How (and Why) LEEWS Differs From (and Far Surpasses) All Other Exam Writing
/ Preparation Study Aids
- The ineffectiveness of conventional exam writing wisdom
- “IRAC” is not a “system”
- How LEEWS differs — a snapshot
- Competitor Comparisons —
- LEEWS vs. Study Aids in General (programs offered by professors, upperclassmen, etc.);
- LEEWS vs. free, 45-minutes BAR-BRI-sponsored exam writing session (including Eight Secrets to Top Exam Performance);
- LEEWS vs. book, Getting to Maybe;
- LEEWS vs. Fleming's 2-day workshop;
- LEEWS vs. Law Preview / BAR-BRI (1-week, 2-week simulated law school programs);
- More on How LEEWS is Different and LEEWS Content
I sat wondering why this was never taught first semester in law school. When law professors teach you to write exams they basically say, "Here are some engine parts. Go figure out how to put the engine together." But LEEWS says, "Here is what each engine part consists of and how it works, and this is how you put it together." Thank you LEEWS! I truly feel I have an advantage over my classmates.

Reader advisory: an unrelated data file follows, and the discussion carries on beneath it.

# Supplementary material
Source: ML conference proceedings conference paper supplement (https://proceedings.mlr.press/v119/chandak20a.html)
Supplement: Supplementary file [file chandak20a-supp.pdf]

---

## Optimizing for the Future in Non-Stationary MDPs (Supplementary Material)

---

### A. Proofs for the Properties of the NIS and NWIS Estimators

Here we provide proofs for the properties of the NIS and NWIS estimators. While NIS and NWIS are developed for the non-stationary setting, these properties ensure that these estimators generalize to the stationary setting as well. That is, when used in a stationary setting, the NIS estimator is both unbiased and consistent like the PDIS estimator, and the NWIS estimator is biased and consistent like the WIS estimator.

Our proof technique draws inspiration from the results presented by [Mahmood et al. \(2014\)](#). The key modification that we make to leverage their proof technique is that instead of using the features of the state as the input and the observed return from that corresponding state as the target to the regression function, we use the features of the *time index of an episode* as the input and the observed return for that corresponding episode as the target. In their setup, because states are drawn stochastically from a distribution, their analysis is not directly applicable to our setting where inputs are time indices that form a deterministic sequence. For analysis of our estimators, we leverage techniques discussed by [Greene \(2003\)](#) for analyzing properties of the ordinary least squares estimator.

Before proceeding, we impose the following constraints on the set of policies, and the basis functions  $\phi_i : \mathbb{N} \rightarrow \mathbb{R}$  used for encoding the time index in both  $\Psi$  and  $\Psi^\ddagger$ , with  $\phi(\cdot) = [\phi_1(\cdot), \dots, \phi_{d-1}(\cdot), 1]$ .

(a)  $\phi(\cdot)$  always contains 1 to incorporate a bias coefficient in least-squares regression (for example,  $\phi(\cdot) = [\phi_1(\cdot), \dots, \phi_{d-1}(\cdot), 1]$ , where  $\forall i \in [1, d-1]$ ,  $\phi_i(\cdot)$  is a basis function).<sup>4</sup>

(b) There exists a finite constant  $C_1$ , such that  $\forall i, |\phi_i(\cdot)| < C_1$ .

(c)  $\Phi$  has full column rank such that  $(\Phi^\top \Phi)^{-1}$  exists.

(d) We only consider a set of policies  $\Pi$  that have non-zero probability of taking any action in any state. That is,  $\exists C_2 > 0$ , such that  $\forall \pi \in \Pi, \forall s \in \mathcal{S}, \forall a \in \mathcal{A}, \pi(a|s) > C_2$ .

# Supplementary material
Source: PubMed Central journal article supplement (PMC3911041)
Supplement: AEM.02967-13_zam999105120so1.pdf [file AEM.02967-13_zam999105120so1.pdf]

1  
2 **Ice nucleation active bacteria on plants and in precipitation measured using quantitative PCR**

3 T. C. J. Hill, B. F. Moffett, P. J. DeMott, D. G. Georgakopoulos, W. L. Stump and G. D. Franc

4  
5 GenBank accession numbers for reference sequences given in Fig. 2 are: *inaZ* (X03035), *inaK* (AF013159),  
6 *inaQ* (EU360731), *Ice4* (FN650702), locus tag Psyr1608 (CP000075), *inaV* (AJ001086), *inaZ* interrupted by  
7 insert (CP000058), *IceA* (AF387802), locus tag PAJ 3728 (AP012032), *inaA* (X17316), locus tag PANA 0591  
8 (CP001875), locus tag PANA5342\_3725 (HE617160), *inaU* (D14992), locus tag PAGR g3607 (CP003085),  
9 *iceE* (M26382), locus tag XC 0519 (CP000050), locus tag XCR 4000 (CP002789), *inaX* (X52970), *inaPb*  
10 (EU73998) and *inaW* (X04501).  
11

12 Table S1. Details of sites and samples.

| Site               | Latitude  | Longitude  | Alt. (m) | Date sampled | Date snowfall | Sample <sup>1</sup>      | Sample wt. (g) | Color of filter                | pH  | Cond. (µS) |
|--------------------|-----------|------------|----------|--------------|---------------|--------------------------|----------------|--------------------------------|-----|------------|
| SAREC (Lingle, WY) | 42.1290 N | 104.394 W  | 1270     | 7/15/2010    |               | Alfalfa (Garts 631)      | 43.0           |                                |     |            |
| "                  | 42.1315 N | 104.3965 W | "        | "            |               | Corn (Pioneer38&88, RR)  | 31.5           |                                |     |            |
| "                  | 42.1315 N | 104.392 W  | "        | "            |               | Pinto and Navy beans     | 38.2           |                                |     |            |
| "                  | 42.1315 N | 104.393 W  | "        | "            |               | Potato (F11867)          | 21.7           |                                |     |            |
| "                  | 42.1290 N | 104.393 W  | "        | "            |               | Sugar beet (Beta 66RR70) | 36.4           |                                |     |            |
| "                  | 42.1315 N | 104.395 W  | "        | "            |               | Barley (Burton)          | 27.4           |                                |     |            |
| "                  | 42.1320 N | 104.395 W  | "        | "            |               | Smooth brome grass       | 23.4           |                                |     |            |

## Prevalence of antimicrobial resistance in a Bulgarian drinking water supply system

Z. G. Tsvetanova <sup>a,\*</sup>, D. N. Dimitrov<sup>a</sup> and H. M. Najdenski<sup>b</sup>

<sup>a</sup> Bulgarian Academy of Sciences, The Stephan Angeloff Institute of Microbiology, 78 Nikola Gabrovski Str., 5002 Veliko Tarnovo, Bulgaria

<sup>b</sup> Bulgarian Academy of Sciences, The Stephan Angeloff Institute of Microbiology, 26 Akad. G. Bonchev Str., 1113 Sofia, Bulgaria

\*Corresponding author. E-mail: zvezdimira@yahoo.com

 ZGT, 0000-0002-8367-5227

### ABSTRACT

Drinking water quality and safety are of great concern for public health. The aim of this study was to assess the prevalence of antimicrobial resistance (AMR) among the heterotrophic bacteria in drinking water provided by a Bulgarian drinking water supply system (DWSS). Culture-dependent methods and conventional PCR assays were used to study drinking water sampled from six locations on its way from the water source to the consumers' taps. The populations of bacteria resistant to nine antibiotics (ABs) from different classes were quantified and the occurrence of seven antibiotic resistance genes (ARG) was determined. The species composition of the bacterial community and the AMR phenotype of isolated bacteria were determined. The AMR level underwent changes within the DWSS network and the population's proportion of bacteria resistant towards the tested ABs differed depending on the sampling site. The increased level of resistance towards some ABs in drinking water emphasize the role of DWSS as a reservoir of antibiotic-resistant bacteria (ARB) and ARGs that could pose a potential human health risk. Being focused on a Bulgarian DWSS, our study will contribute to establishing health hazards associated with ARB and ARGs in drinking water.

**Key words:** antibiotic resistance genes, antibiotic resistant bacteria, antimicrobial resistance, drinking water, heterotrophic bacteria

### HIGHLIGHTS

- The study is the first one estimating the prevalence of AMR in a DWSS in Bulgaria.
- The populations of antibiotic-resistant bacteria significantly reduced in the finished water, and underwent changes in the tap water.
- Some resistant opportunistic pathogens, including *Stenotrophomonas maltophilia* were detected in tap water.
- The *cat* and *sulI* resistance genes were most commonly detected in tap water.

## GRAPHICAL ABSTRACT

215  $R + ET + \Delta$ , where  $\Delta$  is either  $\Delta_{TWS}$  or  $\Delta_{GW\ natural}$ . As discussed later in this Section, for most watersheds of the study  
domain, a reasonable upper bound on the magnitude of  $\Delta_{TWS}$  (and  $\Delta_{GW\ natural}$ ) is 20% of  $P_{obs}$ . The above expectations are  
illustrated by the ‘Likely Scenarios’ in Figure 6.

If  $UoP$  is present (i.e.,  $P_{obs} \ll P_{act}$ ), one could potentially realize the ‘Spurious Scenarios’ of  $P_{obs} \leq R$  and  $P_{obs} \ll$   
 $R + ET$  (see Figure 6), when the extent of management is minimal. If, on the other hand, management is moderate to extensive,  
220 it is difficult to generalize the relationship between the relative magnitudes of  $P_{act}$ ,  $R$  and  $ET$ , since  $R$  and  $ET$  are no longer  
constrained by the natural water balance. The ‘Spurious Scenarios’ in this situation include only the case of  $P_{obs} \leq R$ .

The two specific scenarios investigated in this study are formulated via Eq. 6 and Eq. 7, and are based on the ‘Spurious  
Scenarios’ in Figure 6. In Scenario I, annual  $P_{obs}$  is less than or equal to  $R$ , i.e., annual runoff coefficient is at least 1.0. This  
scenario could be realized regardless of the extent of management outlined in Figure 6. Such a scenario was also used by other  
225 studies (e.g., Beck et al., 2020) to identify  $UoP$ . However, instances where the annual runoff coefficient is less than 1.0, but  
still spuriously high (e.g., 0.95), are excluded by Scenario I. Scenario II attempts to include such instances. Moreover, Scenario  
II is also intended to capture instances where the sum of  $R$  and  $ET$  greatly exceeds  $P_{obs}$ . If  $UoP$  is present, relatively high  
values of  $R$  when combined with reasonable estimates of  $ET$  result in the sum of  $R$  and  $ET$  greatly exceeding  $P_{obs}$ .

— Maria Farias, Whittier (CA) '03
The study aids vying for the attention and money of over 100,000 law students at 200+ American law schools are numerous and growing — advice offered by upperclassman and in online law discussion forums; impromptu advice offered by law professors in class; longer formal sessions offered by law professors and law student groups. Many law schools have elaborate academic support programs that offer exam writing instruction (often focused on enabling more of their students to pass the bar exam). There are books (e.g., Planet Law School [perhaps LEEWS' greatest booster], Getting to Maybe, Law School: Getting In, Getting Good, Getting the Gold [2008. possibly an even greater LEEWS' booster], etc.); the chatty 45 minute Whitebread session sponsored by bar exam prep giant, BAR-BRI (possibly in limbo, as Professor Whitebread passed away in fall 2008); seasonal advice from "exam writing pros" in periodicals like The National Jurist; the long-established Fleming's Fundamentals two-day workshop; expensive prelaw week-long, simulated law school programs conducted largely by law professors (e.g., Law Preview); programs like Ace Seminars that have (deservedly) slipped into history.
All such offerings are critiqued below, many programs specifically. Please pardon us if, at times, our tone seems dismissive, even smug. After three decades in this business, working hard to perfect our single product – a system, a science of preparing for and writing the "A" law essay exam ––, we know what we know. We have no real competition!